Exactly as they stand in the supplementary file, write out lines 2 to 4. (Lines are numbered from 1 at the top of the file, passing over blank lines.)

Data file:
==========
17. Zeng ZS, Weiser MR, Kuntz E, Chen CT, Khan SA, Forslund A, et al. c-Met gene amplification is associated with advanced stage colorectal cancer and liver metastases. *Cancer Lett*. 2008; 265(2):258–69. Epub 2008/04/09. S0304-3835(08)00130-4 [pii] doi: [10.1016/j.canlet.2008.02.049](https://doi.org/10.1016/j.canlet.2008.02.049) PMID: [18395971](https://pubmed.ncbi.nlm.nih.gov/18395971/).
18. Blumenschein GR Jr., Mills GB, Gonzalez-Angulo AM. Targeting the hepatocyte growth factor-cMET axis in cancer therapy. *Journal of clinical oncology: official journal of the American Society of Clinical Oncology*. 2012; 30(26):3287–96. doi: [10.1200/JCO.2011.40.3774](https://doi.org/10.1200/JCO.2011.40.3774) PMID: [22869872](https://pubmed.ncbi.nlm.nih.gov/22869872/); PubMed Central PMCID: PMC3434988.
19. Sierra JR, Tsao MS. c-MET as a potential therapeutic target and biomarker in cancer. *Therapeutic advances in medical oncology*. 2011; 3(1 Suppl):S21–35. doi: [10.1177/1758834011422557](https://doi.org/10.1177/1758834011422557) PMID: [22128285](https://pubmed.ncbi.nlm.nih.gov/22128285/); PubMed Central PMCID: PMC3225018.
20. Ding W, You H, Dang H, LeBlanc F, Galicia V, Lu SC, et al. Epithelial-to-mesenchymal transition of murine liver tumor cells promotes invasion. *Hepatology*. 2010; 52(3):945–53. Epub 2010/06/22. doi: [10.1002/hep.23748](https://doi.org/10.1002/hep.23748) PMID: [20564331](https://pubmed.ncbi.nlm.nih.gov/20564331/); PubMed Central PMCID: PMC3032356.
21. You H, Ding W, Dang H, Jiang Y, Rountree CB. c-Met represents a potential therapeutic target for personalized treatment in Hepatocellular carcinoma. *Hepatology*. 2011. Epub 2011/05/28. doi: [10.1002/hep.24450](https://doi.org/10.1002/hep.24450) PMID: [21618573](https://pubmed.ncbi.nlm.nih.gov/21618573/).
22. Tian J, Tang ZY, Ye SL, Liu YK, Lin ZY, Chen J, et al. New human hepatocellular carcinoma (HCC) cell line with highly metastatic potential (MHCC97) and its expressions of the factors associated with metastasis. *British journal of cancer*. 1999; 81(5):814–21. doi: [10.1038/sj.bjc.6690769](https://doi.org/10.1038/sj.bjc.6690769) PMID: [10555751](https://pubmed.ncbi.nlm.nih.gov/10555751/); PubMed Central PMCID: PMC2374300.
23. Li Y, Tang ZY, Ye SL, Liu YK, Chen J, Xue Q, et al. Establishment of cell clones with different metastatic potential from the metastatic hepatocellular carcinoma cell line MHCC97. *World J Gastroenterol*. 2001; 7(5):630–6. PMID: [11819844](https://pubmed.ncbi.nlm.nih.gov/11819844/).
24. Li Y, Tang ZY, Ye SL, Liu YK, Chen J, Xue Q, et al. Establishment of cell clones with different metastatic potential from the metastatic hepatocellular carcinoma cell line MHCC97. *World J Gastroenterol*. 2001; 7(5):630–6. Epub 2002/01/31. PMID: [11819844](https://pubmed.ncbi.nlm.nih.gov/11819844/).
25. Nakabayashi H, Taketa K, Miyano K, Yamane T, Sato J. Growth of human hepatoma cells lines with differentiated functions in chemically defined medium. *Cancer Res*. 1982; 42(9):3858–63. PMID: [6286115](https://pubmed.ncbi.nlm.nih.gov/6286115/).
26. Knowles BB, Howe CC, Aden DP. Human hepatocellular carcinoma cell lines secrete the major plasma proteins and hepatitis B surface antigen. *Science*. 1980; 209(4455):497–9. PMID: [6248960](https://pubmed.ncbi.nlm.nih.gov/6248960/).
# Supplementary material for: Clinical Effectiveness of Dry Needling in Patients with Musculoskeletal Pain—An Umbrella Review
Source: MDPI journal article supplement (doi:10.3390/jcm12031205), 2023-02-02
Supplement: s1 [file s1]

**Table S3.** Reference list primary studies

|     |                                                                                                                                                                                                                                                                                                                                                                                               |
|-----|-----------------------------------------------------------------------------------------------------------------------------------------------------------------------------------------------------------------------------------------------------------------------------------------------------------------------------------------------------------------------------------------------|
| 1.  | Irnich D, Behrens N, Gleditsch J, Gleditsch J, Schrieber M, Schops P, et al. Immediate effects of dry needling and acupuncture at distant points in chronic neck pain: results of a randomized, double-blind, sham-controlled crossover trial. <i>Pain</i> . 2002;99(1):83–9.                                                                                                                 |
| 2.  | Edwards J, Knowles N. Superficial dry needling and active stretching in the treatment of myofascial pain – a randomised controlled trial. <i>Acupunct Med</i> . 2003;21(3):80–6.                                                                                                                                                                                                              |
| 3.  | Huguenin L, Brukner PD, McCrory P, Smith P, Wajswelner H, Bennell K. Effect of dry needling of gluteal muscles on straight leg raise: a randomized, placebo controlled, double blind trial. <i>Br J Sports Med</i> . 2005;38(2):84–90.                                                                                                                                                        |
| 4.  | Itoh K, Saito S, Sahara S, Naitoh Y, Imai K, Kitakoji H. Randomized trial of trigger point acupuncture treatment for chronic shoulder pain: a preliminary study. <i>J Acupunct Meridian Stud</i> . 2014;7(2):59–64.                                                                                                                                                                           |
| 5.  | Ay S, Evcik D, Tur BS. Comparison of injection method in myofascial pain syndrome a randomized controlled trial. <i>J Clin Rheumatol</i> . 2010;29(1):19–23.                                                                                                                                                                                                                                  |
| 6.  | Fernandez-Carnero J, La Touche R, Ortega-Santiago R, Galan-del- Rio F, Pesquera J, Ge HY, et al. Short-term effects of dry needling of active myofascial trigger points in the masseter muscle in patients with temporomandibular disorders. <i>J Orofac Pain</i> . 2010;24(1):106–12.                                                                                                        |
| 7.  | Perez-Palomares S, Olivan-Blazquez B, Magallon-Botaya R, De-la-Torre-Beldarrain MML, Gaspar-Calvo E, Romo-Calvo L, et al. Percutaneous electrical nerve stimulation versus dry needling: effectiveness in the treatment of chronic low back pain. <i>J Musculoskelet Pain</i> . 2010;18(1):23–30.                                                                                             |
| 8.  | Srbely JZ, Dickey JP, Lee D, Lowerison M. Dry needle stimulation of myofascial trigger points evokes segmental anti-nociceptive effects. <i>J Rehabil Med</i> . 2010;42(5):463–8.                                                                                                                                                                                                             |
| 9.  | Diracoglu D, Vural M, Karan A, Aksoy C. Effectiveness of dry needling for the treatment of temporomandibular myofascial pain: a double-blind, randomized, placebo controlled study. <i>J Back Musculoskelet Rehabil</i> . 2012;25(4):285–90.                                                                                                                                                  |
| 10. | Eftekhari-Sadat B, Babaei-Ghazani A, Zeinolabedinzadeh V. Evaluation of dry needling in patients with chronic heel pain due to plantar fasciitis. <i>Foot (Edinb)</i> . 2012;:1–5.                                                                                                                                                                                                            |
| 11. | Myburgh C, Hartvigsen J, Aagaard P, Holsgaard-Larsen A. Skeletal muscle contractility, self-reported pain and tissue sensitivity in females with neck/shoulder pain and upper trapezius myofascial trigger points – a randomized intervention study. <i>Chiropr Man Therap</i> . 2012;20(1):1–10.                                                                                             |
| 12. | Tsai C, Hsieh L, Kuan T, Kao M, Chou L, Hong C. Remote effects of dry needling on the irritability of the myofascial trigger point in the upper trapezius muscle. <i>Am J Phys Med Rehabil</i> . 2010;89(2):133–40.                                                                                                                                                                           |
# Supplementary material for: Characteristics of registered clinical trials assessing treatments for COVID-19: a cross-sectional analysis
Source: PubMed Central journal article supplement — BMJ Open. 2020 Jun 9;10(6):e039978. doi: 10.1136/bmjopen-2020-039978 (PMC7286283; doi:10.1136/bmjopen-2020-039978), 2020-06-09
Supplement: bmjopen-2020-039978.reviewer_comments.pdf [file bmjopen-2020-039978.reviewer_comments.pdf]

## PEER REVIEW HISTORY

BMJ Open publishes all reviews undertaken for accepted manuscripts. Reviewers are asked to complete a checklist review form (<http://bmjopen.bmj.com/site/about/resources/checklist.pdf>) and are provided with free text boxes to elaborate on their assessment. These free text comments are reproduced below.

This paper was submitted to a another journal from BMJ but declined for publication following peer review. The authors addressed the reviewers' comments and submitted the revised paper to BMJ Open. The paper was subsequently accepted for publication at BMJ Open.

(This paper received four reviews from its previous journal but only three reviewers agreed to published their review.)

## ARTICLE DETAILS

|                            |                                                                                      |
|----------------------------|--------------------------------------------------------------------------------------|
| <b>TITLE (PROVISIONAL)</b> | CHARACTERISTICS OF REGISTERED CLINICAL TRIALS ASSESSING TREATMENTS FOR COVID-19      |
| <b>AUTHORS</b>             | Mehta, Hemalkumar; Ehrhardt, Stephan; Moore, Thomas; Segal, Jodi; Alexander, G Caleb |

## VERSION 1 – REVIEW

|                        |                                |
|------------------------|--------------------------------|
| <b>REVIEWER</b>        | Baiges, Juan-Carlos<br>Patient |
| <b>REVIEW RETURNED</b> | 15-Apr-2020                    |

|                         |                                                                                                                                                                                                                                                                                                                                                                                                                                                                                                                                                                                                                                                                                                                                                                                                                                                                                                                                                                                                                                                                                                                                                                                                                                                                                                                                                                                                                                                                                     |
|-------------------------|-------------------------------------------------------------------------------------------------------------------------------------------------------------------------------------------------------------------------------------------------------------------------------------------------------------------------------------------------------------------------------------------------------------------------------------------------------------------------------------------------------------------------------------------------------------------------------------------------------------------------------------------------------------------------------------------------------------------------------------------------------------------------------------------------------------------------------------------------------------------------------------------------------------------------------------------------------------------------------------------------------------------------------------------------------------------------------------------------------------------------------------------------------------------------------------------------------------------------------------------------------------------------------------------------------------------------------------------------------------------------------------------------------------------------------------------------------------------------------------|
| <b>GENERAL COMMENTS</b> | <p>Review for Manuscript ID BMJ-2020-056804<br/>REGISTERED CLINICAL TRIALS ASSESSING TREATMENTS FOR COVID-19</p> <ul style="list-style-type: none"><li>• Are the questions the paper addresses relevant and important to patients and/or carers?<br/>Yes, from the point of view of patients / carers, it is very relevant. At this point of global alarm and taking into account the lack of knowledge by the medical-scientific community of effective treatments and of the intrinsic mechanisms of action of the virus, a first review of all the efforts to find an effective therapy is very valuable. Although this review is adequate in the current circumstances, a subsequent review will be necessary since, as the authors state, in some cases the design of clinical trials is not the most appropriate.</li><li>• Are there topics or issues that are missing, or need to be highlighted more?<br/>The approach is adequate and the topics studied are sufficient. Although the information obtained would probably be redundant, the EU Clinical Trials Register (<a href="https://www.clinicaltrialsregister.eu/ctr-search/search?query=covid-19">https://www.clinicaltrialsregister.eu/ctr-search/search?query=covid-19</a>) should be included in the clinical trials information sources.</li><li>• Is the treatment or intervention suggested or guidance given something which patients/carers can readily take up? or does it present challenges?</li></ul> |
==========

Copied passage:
18. Blumenschein GR Jr., Mills GB, Gonzalez-Angulo AM. Targeting the hepatocyte growth factor-cMET axis in cancer therapy. *Journal of clinical oncology: official journal of the American Society of Clinical Oncology*. 2012; 30(26):3287–96. doi: [10.1200/JCO.2011.40.3774](https://doi.org/10.1200/JCO.2011.40.3774) PMID: [22869872](https://pubmed.ncbi.nlm.nih.gov/22869872/); PubMed Central PMCID: PMC3434988.
19. Sierra JR, Tsao MS. c-MET as a potential therapeutic target and biomarker in cancer. *Therapeutic advances in medical oncology*. 2011; 3(1 Suppl):S21–35. doi: [10.1177/1758834011422557](https://doi.org/10.1177/1758834011422557) PMID: [22128285](https://pubmed.ncbi.nlm.nih.gov/22128285/); PubMed Central PMCID: PMC3225018.
20. Ding W, You H, Dang H, LeBlanc F, Galicia V, Lu SC, et al. Epithelial-to-mesenchymal transition of murine liver tumor cells promotes invasion. *Hepatology*. 2010; 52(3):945–53. Epub 2010/06/22. doi: [10.1002/hep.23748](https://doi.org/10.1002/hep.23748) PMID: [20564331](https://pubmed.ncbi.nlm.nih.gov/20564331/); PubMed Central PMCID: PMC3032356.